One of our favorite vegetables is Chinese broccoli (gai lan). You can find heaps of this leafy green in Asian¬†supermarkets for less than a dollar a pound. I didn’t have a recipe, but I’m not one to look at something that’s less than a dollar and not buy it.

I scoured the internet and as most things go online there were a lot of variations and opinions. Many recipes added questionable ingredients or were unnecessarily complex.

I didn’t find a specific recipe online, but I did come to an understanding of what I needed to do in the kitchen to cook gai lan properly. Keep these thoughts in mind when you’re at home cooking this vegetable yourself.¬†Preparing the stalks and leaves: remove the tough ends of the stalks, ugly leaves, and any buds. Cooking: no need to steam, just blanch them and watch as they become a vibrant green (poke to check for doneness). Make sure to drain them well and prepare a nice sauce.

I pan-fried minced garlic, minced ginger, and chili flakes in some vegetable oil and drizzled it over the gai lan. Salt was not necessary nor was oyster sauce. V is rarely impressed with my cooking, but she couldn’t help but compliment me for this.

And that’s it! It’s super simple and super¬†tasty.


How to Prepare Chinese Broccoli

Pan-Fried Bass with Leeks in Cabernet Sauce – French Roots Cookbook

seabass cabernet sauceLately, I’ve been biting off a lot more than I can chew in the kitchen. I’ll see a tasty recipe and glance over it to see what I need and gauge whether or not I’ll like eating it. At that point, I should also consider skill-level and cooking time, but for this recipe I did not to my discomfort.

Do not let French Roots fool you with its one-page recipes. Do not think that because the ingredients are non-speciality items that this is something easy to make. DO get ready for one of the more delightful, succulent, and exquisite fish dishes that you can enjoy at home!

bassEach element of Pan-Fried Bass¬†is simple to execute, but there are many of these elements. Fortunately,¬†French Roots¬†presents the recipe in the most logical method I’ve ever seen in a cookbook. The ingredient list is sequential. It doesn’t matter to me that ingredients are not grouped in some way or another. All ingredients in sequence made life a breeze in the kitchen! I didn’t have to back-track or wonder or divide portions, I just went through the list and added elements together.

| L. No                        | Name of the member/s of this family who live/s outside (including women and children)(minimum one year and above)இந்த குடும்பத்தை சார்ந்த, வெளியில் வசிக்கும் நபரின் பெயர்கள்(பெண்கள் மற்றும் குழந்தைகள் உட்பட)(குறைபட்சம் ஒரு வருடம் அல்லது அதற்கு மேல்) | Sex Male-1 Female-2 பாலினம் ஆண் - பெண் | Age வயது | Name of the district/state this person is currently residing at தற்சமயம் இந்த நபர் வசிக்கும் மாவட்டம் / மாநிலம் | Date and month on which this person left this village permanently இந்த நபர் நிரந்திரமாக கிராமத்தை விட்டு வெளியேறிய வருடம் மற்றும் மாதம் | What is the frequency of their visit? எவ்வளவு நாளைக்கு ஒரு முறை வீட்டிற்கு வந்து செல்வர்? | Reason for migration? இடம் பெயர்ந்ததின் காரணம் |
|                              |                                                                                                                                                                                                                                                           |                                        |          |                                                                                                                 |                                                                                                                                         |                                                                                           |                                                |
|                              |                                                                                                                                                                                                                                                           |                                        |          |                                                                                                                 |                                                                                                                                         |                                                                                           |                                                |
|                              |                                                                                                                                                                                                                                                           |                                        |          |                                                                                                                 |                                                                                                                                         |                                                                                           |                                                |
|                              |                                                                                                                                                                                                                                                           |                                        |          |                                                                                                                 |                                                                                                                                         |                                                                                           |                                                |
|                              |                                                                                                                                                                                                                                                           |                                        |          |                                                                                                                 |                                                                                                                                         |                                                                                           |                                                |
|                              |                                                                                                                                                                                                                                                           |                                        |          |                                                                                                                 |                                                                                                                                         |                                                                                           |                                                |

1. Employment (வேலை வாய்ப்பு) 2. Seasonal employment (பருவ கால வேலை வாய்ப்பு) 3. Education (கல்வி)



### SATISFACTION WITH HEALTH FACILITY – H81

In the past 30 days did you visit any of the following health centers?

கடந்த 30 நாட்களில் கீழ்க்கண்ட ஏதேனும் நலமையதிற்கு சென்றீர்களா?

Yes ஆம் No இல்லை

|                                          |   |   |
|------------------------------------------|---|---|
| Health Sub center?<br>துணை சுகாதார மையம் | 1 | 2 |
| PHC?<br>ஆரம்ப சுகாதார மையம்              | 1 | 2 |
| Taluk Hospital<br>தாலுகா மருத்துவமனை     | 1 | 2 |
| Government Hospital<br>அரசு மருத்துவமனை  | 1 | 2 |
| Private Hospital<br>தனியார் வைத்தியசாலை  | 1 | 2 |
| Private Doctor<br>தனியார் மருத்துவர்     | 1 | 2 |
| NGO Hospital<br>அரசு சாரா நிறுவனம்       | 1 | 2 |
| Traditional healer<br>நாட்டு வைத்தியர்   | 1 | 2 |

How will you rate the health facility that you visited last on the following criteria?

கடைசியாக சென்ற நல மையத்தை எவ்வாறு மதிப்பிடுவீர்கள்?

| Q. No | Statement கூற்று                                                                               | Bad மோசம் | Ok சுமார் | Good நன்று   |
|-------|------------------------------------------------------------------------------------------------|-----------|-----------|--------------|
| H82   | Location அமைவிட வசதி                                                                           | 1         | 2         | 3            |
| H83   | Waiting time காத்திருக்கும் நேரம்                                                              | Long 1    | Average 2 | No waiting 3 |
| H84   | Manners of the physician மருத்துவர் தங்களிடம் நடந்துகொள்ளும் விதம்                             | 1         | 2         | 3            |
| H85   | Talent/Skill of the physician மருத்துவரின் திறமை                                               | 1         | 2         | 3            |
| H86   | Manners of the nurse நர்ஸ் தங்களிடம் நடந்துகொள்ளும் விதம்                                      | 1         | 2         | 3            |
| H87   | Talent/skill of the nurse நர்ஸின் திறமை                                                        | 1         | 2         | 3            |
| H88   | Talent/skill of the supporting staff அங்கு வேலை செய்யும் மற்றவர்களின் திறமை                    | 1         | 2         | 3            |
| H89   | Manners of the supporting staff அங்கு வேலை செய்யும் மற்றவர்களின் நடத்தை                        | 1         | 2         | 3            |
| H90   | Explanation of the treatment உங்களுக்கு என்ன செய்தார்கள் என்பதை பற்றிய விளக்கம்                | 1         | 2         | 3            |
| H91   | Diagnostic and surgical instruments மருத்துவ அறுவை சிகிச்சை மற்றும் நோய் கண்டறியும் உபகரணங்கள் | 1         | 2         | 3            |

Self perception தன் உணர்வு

bass 2

The sauce was very time-consuming, as is customary for many traditional French sauces.¬†Vegetables are cooked in olive oil in a large Dutch oven, adding red wine (oops, used a whole bottle instead of half by mistake) and fish bones (we used frozen stock made from the fish department at Whole Foods) after 6 minutes, and then brought to a boil, then simmered. The vegetables and fish create a lovely stock. Then a shallot reduction is made alongside the fish and vegetables, eventually incorporated and made into¬†a¬†sauce. We had to reduce the sauce forever, but then again, it might have had something to do with using a whole bottle of wine! Meanwhile, leeks are gently cooked, fish is saut√©ed, butter is whisked¬†into the sauce, and a beautiful dish comes to life. Despite some bumps in the road, some improv, and some mistakes, this was easily one of the most interesting French meals we’ve ever made at home. We are so excited to continue cooking through¬†French Roots.

p.s. You may notice in the pictures above, a strangely bound object. We had a bit of fun with the elements of the bouquet garni and bound them up in celery stocks…in the end we put it all in a muslin bag…never forget to have fun in the kitchen!

Pan-Fried Bass with Leeks in Cabernet Sauce

-V & J

Pan-Fried Bass with Leeks in Cabernet Sauce – French Roots Cookbook

Almost-Refried Black Beans

black beansRecently, I’ve grown tired of ordering takeouts for weekday dinners, so I’ve made an effort to cook more simple meals at home. Ideally, I’d want these¬†meals to also serve as lunch for the next day.

I’ve always enjoyed the refried black beans at Rosa Mexicano, and love that their flavor is smokier and more complex than pinto refried beans. I set out to¬†make refried black beans just like those as a side dish for dinner, and to have the remainder for lunch the next day. I found a lot of recipes for refried black¬†beans online, using various methods of soaking dried beans, prepping, and cooking.

black beansBefore finding the right recipe, I went grocery shopping and mistakenly bought an uncured slab of bacon, assuming it¬†was a crucial ingredient. Turns out that isn’t quite true, and I had to do a bit of digging to find a refried black beans recipe that included bacon. I found a great one in the end‚ÄĒa¬†recipe that is thankfully easy, that doesn’t require soaking dried beans overnight, and that isn’t very¬†time-consuming.

black beans 2

I used the “Refried Black Beans” recipe from Spicy Southern Kitchen,¬†and made some adjustments. Instead of chopping slices of bacon, I cubed the uncured slab of bacon. I saut√©ed the onions, garlic, celery, and jalape√Īos along with the bacon, added the chicken broth, beans, and salt, and brought them to a boil. Then I simmered them all for 3 hours, adding some more chicken broth midway through. But then I stopped at step 4. I didn’t pur√©e the mixture in a food processor, and I didn’t refry the beans in vegetable oil. Instead, I tried the cooked beans and bacon before I was going to blend them, and they were already delicious. Why pur√©e and fry something that’s already great?